May 11, 2017

Routine screenings for thyroid cancer do more harm than good, USPSTF says

Daily Briefing

    The U.S. Preventive Services Task Force (USPSTF) has issued new guidance against thyroid cancer screenings for low-risk, asymptomatic adults, stating that the potential risks of the screenings outweigh the benefits.

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    The recommendation updates the panel's 1996 guidelines, which provided similar guidance.

    USPSTF recommendation

    USPSTF gave thyroid cancer screenings a "D" recommendation, saying the harms of screening low-risk, asymptomatic patients for thyroid cancer generally outweigh the benefits. The "D" recommendation discourages the use of screening with either neck palpation or ultrasonography in this patient population, MedPage Today reports.

    In its guidance, the panel explained that thyroid cancer treatments typically involve "surgery with or without radioactive iodine therapy." But, they wrote, currently there are no studies examining the "benefit of finding and treating thyroid cancer in people with no symptoms."

    The panel said that the harms posed by screening and treatment are "at least moderate," citing "adequate evidence of harms of treatment and indirect evidence that overdiagnosis and overtreatment are likely to be substantial with population-based screening."

    The task force also cited evidence from studies showing the rate of thyroid cancer diagnoses have increased by roughly 4.5 percent over the past ten years, faster than any other type of cancer, but the mortality rate has stayed roughly the same. According to USPSTF, thyroid cancer patients have a very good five-year overall survival rate of 98.1 percent.

    As a result of the evidence, USPSTF said, the overall benefits of thyroid cancer screening and treatment are "small, given the relative rarity of thyroid cancer, the apparent lack of difference in outcomes between treatment and surveillance (for the most common tumor types), and observational evidence showing no change in mortality over time after introduction of a mass screening program."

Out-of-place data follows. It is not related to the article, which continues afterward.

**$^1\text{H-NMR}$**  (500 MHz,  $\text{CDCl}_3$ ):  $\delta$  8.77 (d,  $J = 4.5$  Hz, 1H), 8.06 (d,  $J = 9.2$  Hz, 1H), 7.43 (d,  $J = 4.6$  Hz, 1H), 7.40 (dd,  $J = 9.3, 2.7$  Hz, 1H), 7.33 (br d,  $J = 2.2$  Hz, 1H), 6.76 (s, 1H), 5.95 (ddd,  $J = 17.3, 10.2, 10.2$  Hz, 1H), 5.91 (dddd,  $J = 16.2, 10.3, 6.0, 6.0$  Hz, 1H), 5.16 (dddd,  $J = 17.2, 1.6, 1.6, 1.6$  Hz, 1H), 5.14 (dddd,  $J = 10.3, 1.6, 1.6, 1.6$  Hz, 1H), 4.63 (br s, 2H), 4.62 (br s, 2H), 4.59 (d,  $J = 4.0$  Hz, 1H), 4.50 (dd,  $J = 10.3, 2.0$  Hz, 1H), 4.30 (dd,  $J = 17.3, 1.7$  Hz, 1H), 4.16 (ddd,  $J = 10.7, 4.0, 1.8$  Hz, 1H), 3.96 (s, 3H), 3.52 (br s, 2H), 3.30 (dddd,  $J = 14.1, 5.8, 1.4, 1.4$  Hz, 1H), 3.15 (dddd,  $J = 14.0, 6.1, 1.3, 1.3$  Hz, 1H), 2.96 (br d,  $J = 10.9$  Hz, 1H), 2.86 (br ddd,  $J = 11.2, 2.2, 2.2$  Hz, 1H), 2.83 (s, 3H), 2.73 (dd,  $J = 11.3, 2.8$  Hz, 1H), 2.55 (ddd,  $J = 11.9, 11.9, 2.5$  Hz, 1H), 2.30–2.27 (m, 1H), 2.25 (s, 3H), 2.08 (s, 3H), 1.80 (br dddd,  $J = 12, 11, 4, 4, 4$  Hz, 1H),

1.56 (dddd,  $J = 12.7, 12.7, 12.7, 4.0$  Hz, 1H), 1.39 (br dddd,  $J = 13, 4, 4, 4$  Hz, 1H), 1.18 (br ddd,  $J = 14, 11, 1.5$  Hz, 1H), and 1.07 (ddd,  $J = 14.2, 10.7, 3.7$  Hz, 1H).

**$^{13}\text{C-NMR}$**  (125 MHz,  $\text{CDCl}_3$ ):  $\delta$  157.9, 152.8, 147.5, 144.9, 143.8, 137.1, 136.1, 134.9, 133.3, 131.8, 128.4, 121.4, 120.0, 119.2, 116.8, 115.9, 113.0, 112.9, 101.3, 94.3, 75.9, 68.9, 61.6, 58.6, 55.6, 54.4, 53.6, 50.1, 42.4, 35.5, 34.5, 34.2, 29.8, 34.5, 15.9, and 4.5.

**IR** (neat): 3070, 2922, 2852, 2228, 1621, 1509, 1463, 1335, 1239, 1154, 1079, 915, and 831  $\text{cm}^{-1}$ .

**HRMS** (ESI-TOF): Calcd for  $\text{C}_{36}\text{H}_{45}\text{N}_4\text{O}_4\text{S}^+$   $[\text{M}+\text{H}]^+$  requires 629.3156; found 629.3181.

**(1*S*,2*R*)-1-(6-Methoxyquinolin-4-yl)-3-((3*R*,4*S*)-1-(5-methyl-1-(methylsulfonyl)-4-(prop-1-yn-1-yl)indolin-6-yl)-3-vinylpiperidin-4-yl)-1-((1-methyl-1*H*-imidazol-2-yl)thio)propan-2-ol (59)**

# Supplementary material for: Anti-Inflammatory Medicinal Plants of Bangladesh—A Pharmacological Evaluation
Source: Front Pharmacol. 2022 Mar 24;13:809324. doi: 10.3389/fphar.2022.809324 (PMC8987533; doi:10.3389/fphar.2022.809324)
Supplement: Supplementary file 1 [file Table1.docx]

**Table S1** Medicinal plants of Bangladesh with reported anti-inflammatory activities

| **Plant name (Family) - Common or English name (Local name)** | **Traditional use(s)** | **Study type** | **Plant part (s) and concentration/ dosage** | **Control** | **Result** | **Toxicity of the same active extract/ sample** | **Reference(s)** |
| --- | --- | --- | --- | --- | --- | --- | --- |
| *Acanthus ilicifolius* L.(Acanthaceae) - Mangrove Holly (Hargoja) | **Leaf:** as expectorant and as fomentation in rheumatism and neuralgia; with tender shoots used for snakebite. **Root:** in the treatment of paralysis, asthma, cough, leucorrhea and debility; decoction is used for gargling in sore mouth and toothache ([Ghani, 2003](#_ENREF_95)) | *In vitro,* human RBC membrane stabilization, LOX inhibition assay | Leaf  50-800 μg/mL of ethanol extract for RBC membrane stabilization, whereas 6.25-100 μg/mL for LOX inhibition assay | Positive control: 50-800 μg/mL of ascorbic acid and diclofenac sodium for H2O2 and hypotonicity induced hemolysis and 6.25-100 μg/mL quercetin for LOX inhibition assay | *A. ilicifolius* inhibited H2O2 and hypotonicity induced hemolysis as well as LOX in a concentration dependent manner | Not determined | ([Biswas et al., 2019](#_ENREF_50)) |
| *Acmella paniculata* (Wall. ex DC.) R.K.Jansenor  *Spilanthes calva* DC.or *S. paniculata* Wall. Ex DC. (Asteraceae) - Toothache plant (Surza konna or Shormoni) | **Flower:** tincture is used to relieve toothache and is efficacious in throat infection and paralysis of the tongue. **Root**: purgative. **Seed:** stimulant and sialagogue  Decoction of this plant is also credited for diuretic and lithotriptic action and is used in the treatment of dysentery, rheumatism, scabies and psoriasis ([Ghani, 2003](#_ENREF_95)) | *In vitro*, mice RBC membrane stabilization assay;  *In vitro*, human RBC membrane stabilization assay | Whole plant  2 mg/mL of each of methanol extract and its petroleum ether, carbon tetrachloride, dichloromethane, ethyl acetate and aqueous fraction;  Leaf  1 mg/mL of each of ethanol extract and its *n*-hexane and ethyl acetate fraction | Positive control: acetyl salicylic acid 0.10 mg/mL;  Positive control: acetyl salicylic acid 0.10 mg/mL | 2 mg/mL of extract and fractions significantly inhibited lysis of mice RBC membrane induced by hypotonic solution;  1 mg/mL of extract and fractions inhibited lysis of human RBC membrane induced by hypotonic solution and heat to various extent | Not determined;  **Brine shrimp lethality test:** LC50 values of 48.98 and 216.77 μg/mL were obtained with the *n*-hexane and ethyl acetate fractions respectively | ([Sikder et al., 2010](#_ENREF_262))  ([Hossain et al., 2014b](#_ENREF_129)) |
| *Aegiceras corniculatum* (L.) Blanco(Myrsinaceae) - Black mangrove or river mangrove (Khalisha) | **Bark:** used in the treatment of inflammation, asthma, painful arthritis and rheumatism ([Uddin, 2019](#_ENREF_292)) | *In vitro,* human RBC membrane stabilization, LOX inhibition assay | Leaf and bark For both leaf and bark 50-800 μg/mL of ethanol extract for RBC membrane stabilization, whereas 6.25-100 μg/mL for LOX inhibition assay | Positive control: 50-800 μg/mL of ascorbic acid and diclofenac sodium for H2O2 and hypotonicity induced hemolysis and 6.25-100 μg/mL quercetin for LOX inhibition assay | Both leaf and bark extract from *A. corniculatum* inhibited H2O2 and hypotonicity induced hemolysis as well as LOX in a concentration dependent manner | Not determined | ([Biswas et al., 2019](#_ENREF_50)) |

According to USPSTF, a patient should be concerned about thyroid cancer when symptoms present themselves. "As soon as somebody has symptoms, such as a swelling in the neck or change in their voice or swallowing, or pain in the neck … you're in a different ballpark," said Seth Landefeld, chair of the Department of Medicine at the University of Alabama, Birmingham and panel member. "You really want to sort those symptoms out."

    Editorials

    In an editorial accompanying the recommendation, Dartmouth University's Louise Davies and colleagues praised the guidance. "As physicians guided by the principle of 'first, do no harm,' we should be relieved that the USPSTF reached this conclusion," the authors wrote.

    They wrote that the likely benefit of a cancer screening must outweigh the potential harm. "In cancer screening, this means that the test should effectively detect cancers that would go on to cause morbidity or death and that are more treatable if found earlier," they wrote. "According to the USPSTF, thyroid cancer screening does not meet these requirements."

    In a separate editorial, Julie Ann Sosa of Duke University and colleagues wrote that while USPSTF acknowledges that its recommendation does not extend to asymptomatic high-risk patients—including those with a history of radiation exposure in childhood, or those with inherited genetic syndromes—that advice should be clearly stated in the recommendation.

    Sosa and colleagues also expressed concern that USPSTF's recommendation against neck palpitation as a screening tool could be overinterpreted, spurring some providers to exclude the practice as "an essential component" of routine clinical care for conditions beyond the thyroid. They recommended USPTF clarify that "neck palpation should remain a necessary pillar of a good physical examination"  (Bassett, Medpage Today, 5/9; Harris, "Shots," NPR, 5/9; Jin, JAMA, 5/9). 

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